Tuesday, June 24, 2008


For electricity to flow, there needs to be a path that connects all the elements together. In the diagram below, you can see how electricity can travel from the cell around in a loop through the lamp and back to the cell again provided all the wires are in their proper places.

It should be noted that we show electricity travelling from the positive (+) side of the cell around the circuit to the negative side. This is called conventional current. The slightly odd thing about this is that the electrons that constitute electrical current are negatively charged and actually travel in the opposite direction. The fact that we depict current travelling from the positive to the negative is an historical accident. Fortunately unless you're doing something esoteric like semiconductor physics, this extra layer of complexity need never worry you.

Lamp and Cell Circuit

Circuit diagrams provide a very efficient way to describe an electronic circuit. They use a small set of symbols and conventions that need to be learned but the benefits of their form over a more pictorial style are so definitive that they are used universally.

The circuit above can be diagrammed more efficiently. In order to illustrate this, here are some symbols used to depict cells and lamps.

Cell. This is often called a battery, but technically a battery is multiple cells. This is what C, D, AA and AAA cells we can get at the corner store all are. This kind of cells is rated at 1.5V.
Lamp. Like you might find in a flashlight. Lamps have voltage ratings like many things. This rating indicates the voltage that the lamp is designed to run at. It will be the highest voltage the lamp can withstand without getting too hot and burning out. Lamps may also state their wattage - the power they consume. From this and the a re-arrangement of the equation for power (I = P / V) the likely current consumed can be calculated.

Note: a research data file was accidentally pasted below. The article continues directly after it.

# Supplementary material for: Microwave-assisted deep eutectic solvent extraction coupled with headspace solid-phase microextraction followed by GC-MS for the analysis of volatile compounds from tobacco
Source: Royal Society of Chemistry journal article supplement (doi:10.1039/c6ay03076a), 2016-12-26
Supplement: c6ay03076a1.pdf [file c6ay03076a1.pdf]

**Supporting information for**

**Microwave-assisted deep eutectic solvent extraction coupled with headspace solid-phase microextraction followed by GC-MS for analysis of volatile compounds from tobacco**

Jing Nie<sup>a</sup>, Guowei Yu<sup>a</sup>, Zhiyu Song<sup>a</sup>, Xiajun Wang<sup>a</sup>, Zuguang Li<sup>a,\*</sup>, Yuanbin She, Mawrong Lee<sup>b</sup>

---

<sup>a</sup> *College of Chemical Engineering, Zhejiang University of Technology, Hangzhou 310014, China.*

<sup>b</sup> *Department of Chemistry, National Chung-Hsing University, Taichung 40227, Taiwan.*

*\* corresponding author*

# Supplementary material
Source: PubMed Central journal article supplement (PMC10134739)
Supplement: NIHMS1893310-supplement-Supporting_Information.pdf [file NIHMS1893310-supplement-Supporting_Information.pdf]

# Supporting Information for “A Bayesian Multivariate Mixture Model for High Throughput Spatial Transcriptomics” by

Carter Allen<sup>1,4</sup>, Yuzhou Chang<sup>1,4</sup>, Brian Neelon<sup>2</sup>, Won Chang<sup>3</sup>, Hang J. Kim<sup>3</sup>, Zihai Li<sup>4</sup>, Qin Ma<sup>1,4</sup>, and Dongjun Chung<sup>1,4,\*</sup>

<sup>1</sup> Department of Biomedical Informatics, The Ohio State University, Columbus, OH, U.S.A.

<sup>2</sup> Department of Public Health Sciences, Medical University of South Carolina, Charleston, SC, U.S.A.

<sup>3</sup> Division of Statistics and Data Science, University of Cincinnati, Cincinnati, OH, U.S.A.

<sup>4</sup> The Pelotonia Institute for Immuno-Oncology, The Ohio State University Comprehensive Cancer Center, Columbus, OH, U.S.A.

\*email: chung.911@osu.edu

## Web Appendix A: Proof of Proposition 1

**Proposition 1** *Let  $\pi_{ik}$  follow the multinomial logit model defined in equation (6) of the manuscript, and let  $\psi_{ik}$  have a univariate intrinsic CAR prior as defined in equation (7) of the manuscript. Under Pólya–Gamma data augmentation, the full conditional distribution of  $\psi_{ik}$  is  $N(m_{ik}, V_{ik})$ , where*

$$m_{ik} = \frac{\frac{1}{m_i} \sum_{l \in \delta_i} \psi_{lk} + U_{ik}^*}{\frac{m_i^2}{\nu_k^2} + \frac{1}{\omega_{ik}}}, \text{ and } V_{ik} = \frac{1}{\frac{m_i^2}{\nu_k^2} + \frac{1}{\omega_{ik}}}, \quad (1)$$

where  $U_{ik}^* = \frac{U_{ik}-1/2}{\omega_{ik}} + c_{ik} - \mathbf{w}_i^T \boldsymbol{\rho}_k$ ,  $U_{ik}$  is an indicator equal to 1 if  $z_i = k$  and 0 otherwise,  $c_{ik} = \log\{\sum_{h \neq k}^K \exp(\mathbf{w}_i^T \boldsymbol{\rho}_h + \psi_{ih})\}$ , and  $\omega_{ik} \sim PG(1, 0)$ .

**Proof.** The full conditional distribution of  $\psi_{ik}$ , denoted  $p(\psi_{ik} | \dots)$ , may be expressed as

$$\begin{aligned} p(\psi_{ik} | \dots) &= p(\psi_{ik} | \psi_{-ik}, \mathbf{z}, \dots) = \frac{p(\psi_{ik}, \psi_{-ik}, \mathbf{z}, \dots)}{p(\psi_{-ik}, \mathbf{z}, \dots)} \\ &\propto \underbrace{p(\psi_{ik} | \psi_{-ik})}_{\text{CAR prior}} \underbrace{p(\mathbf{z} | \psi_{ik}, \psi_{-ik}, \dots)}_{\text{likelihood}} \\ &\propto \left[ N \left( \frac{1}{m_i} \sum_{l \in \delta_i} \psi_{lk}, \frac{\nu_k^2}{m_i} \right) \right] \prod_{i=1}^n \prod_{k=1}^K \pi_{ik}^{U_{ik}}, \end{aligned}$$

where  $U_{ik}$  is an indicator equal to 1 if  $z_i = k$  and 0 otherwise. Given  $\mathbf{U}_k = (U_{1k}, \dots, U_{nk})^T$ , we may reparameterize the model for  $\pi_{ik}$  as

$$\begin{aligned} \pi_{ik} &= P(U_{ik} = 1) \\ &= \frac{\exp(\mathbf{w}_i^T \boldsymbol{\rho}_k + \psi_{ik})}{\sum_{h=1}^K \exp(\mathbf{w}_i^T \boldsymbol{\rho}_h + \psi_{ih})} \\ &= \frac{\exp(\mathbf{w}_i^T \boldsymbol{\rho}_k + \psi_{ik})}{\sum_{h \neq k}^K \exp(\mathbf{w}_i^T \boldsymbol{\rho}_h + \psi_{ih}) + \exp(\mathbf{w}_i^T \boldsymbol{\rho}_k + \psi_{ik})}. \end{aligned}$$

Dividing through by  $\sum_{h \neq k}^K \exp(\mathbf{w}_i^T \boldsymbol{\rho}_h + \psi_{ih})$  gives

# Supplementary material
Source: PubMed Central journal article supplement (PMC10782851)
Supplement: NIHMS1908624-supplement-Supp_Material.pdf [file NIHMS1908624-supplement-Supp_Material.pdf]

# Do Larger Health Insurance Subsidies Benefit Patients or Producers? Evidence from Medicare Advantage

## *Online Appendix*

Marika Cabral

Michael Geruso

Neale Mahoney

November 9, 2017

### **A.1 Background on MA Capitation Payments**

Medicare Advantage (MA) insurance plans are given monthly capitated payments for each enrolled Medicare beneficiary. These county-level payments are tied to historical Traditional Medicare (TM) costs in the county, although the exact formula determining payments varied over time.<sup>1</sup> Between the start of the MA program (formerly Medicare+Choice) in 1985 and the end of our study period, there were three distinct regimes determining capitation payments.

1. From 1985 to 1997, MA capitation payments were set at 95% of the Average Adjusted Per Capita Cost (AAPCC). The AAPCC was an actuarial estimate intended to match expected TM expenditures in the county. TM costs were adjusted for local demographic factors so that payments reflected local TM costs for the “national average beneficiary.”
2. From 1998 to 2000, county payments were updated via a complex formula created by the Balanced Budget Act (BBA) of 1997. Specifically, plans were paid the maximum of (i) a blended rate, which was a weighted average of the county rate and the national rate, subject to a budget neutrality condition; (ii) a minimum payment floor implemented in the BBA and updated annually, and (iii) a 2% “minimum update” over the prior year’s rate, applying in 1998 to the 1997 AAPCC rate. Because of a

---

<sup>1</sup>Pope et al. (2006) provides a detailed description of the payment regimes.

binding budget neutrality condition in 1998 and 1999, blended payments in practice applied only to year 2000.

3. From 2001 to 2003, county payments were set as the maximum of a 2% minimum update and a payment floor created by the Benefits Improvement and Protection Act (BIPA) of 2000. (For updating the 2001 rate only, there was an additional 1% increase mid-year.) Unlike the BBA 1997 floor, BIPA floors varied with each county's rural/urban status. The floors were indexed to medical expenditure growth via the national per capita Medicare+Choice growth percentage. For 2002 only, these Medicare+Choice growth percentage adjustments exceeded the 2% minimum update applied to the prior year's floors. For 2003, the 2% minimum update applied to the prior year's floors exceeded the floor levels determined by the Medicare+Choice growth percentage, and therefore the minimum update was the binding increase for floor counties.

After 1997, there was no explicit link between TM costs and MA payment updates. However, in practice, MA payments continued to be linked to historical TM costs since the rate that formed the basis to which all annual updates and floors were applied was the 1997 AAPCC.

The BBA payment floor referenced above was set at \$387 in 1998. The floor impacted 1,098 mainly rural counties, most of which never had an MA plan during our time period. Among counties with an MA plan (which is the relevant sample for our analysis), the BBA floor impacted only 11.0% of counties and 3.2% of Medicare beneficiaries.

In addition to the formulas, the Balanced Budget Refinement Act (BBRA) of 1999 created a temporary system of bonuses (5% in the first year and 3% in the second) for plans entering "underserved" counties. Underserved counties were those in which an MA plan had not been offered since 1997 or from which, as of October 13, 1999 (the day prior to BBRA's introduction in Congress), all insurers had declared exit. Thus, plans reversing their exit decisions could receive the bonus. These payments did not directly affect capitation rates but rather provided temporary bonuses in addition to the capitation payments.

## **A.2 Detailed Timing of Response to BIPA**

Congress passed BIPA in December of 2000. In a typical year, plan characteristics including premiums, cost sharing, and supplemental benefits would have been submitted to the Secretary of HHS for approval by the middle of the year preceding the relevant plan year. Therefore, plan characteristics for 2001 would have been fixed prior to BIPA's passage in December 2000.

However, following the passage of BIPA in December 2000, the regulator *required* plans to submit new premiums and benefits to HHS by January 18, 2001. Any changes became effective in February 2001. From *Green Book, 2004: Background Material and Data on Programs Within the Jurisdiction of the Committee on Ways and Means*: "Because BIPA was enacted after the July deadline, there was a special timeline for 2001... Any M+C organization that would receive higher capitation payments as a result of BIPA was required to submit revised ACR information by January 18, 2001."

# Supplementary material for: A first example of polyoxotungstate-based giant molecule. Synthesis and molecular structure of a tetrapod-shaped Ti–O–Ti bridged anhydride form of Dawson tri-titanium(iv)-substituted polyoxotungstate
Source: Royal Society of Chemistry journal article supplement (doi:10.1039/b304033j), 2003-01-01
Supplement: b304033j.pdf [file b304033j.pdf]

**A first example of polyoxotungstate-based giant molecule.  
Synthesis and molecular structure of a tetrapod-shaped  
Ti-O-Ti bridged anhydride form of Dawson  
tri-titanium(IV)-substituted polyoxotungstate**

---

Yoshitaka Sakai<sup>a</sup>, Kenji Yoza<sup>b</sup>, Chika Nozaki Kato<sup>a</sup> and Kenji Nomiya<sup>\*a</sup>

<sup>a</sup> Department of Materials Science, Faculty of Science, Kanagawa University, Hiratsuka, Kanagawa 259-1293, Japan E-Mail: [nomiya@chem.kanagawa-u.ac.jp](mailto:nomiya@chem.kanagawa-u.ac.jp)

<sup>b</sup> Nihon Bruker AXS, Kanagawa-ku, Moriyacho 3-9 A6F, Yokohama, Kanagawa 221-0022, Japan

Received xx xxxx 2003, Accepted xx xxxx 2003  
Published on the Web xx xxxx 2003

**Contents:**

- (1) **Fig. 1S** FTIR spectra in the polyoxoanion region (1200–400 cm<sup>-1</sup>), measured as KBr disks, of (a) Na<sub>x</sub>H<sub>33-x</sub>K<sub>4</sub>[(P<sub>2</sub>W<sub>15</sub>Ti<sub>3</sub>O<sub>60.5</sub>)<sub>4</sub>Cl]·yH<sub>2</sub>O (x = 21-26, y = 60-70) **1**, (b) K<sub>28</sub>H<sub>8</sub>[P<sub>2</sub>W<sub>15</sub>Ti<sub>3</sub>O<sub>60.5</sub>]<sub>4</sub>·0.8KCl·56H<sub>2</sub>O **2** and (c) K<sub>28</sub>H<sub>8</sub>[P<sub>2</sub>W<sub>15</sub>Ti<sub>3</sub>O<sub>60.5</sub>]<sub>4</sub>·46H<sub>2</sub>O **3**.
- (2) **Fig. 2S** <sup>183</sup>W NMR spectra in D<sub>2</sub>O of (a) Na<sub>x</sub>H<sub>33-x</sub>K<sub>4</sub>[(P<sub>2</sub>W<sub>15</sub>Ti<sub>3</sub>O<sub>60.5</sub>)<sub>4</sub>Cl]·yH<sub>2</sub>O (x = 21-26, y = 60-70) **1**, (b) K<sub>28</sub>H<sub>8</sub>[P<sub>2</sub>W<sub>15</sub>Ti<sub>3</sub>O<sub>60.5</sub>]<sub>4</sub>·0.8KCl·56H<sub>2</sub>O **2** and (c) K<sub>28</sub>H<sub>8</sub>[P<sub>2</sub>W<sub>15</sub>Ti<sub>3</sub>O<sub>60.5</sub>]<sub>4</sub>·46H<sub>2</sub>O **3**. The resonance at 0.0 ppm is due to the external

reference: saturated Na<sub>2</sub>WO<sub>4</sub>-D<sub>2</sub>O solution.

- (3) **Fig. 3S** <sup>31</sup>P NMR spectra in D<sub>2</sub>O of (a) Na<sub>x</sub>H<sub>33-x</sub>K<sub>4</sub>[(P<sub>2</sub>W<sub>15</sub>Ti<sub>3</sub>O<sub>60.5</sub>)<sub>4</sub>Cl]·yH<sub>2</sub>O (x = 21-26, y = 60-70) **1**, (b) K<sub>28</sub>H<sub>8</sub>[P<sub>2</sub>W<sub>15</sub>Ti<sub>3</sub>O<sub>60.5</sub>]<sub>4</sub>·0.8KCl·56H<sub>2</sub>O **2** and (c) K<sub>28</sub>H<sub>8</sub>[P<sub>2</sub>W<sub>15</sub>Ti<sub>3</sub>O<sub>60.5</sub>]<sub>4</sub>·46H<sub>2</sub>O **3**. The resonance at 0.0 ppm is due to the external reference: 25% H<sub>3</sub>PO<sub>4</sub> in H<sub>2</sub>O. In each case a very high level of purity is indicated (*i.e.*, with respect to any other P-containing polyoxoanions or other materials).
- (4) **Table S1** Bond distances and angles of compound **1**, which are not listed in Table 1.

With these symbols we can now construct a circuit diagram with a cell and a lamp.

Simple Lamp and Cell Circuit Diagram

This circuit diagram expresses only the essential features of the circuit. The abstract symbols hide all the myriad details of appearance that are actually irrelevant to the circuit. For example, the circuit is not influenced by the colors of the wires so they're not indicated, curves in the wire are irrelevant so the lines in the diagram are all straight, the actual physical design of the lightbulb is from an electrical point of view, immaterial, etc.

The lines on the diagram need not even be wires. They can be traces of copper on a printed circuit board (PCB) or pretty much anything that conducts. In a car, for example, wires that go from parts of the motor, headlights and other devices back to the negative terminal of the battery are not needed. The metal of the car's chassis and body are the return path to the battery and complete the circuit.

Another very important abstraction is the connection of wires. People are often confused by this. The diagram below shows the same circuit as before except for the addition of another lamp. The problems arise when people try to figure out exactly how to connect the things together. How literally does the diagram need to be followed?

Dual Lamp Circuit

Take the top section of the circuit. It depicts a long section of conductor with one lamp getting its power from it about half way along and another getting its power at the far end. As illustrated below, this shouldn't be taken literally. Since the wires in this circuit are pretty much perfect conductors, it really doesn't matter. As long as all the things that are shown to be connected together are connected, the circuit will work.

Dual Lamp Circuit Wiring Alternatives

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